In praise of trees

Getting in touch with the power of trees at Ise Jingu

 

It’s rare to find a Shinto shrine without a sacred tree.  Indeed, the origins of shrines may well have started with trees, and their symbolic nature may permeate the human consciousness…  Deeply rooted below the earth and rising up to the skies, they span the three worlds of shamanism and there’s a very real reason why The Tree of Life came to dominate spiritual thought in ancient times.

‘Why is it that when we behold the oldest living trees in the world, primeval awe runs down our spine? We are entwined with trees in an elemental embrace, both biological and symbolic, depending on them for the very air we breathe as well as for our deepest metaphors, millennia in the making. They permeate our mythology and our understanding of evolution. They enchant our greatest poets and rivet our greatest scientists. Even our language reflects that relationship – it’s an idea that has taken “root” in nearly every “branch” of knowledge.’ – Maria Popova, writing in Brain Pickings.

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The piece below comes from the introduction to The Book of Trees by Manuel Lima:

“In a time when more than half of the world’s population live in cities, surrounded on a daily basis by asphalt, cement, iron, and glass, it’s hard to conceive of a time when trees were of immense and tangible significance to our existence. But for thousands and thousands of years, trees have provided us with not only shelter, protection, and food, but also seemingly limitless resources for medicine, fire, energy, weaponry, tool building, and construction. It’s only normal that human beings, observing their intricate branching schemas and the seasonal withering and revival of their foliage, would see trees as powerful images of growth, decay, and resurrection. In fact, trees have had such an immense significance to humans that there’s hardly any culture that hasn’t invested them with lofty symbolism and, in many cases, with celestial and religious power. The veneration of trees, known as dendrolatry, is tied to ideas of fertility, immortality, and rebirth and often is expressed by the axis mundi (world axis), world tree, or arbor vitae (tree of life). These motifs, common in mythology and folklore from around the globe, have held cultural and religious significance for social groups throughout history – and indeed still do.”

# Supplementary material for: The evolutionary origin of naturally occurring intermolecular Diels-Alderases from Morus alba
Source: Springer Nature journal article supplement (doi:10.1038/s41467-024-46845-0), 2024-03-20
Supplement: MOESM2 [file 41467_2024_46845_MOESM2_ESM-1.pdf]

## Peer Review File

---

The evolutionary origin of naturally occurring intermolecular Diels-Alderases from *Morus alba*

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Here too is a wonderful passage by Herman Hesse (taken from Bäume: Betrachtungen und Gedichte [Trees: Reflections and Poems], originally published in 1984:

sacred rree festooned with shimenawa rope and shide paper strips

“For me, trees have always been the most penetrating preachers. I revere them when they live in tribes and families, in forests and groves. And even more I revere them when they stand alone. They are like lonely persons. Not like hermits who have stolen away out of some weakness, but like great, solitary men, like Beethoven and Nietzsche. In their highest boughs the world rustles, their roots rest in infinity; but they do not lose themselves there, they struggle with all the force of their lives for one thing only: to fulfill themselves according to their own laws, to build up their own form, to represent themselves. Nothing is holier, nothing is more exemplary than a beautiful, strong tree.

When a tree is cut down and reveals its naked death-wound to the sun, one can read its whole history in the luminous, inscribed disk of its trunk: in the rings of its years, its scars, all the struggle, all the suffering, all the sickness, all the happiness and prosperity stand truly written, the narrow years and the luxurious years, the attacks withstood, the storms endured. And every young farmboy knows that the hardest and noblest wood has the narrowest rings, that high on the mountains and in continuing danger the most indestructible, the strongest, the ideal trees grow.

Trees are sanctuaries. Whoever knows how to speak to them, whoever knows how to listen to them, can learn the truth. They do not preach learning and precepts, they preach, undeterred by particulars, the ancient law of life.

A tree says: A kernel is hidden in me, a spark, a thought, I am life from eternal life. The attempt and the risk that the eternal mother took with me is unique, unique the form and veins of my skin, unique the smallest play of leaves in my branches and the smallest scar on my bark. I was made to form and reveal the eternal in my smallest special detail.

Korean shaman tree